The performance that I saw started off a bit indistinct and fragmented. Each cast member came off individually strong, but they weren't cohering into a larger whole, at least not at the beginning of the first act. It seemed more like a series of individual performances rather than an ensemble. The proceedings were professional, to be sure, but uninspired, at least until MJ Rodriguez made his entrance as Angel. Rodriguez is quite a find, a dynamic ball of energy and attitude. He lights up the stage whenever he's on, and his energy seemed infectious, as the rest of the cast seemed to come to life after his first few numbers.
Adding to this momentum was Annaleigh Ashford, giving an edgy and nuanced performance as Maureen. Her quirky, personalized touches during "Over the Moon" were especially effective, nicely emphasizing Maureen's enthusiastic amateurism. It made the song, which can be a real chore in the wrong hands, refreshingly sharp and funny. Matt Shingledecker as Roger seemed a bit bland at first, as though the casting director had taken the "pretty-boy front man" line from the show a bit too literally. But Shingledecker's performance built into a satisfying, if not quite overwhelming, crescendo, and he was especially affecting at the very end of the show, particularly due to the strength and timbre of his of rock-tenor voice.
One major hole in the cast is Arianda Fernandez as Mimi, who seems to have been cast based on her startling cat-girl appearance. But her voice was showing a significant amount of strain: she cracked three times during "Out Tonight" alone. Was it poor technique? A role that inevitably takes its vocal toll? A combination of both? Whatever it was, she overcompensated with mannerisms and line readings that brought more melodrama to the role than seemed necessary, and it made it hard at times to feel the full drama of Mimi's plight.
As Collins, Nicholas Christopher (Benny in the In the Heights tour) was a charming, silver-toned smoothie, although he seemed at first to be needlessly underplaying the romance with Angel. He eventually acquitted himself quite nicely, particularly during the reprise of "I'll Cover You," which still gets my vote for the most dramatically effective reprise ever. (Full disclosure: Nick is a former student of mine at the Boston Conservatory. But I try to make it clear to my students that, once they're out in the real world, the gloves are off.)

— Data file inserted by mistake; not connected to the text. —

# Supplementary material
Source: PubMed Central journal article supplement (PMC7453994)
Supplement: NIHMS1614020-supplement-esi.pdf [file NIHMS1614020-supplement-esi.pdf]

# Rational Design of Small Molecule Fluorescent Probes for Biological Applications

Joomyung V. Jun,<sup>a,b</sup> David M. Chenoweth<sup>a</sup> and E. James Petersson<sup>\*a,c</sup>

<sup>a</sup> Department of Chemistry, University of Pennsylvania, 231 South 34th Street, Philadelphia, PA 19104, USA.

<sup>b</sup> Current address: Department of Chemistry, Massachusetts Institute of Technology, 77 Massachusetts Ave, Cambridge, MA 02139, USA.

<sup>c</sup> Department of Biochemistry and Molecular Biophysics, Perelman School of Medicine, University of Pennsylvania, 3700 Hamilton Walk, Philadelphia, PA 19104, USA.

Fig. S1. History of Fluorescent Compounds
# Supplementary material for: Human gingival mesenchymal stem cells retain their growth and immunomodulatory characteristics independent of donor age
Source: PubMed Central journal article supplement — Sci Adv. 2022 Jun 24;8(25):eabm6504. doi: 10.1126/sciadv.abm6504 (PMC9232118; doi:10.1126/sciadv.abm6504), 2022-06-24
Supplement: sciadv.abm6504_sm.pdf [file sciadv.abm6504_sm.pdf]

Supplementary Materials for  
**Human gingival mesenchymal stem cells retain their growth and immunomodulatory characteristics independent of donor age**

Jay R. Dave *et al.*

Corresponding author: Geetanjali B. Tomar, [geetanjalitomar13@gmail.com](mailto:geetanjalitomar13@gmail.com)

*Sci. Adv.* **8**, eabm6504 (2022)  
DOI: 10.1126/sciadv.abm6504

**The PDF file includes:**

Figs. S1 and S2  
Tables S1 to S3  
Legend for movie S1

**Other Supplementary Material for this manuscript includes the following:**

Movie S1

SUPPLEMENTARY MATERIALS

So, is it too soon for Rent to come back to New York? Not if you've never seen it. And even if you have, the current production seems to prove that Rent as a piece genuinely works, despite its flaws. Sure, some of the characters are a bit thinly sketched (particularly Mark). There are plentiful holes in the plot. (Why would the priest get angry when Collins can't pay the undertaker? They're not in business together.) There are some rather unbelievable coincidences. (The whole Evita the Akita nonsense.) And some of the character transformations seem to come out of nowhere. (Benny's a bad guy, then a good guy, then a bad guy at the end again.) But the show succeeds, and devastatingly so, mostly on the basis of its powerful score and moving story.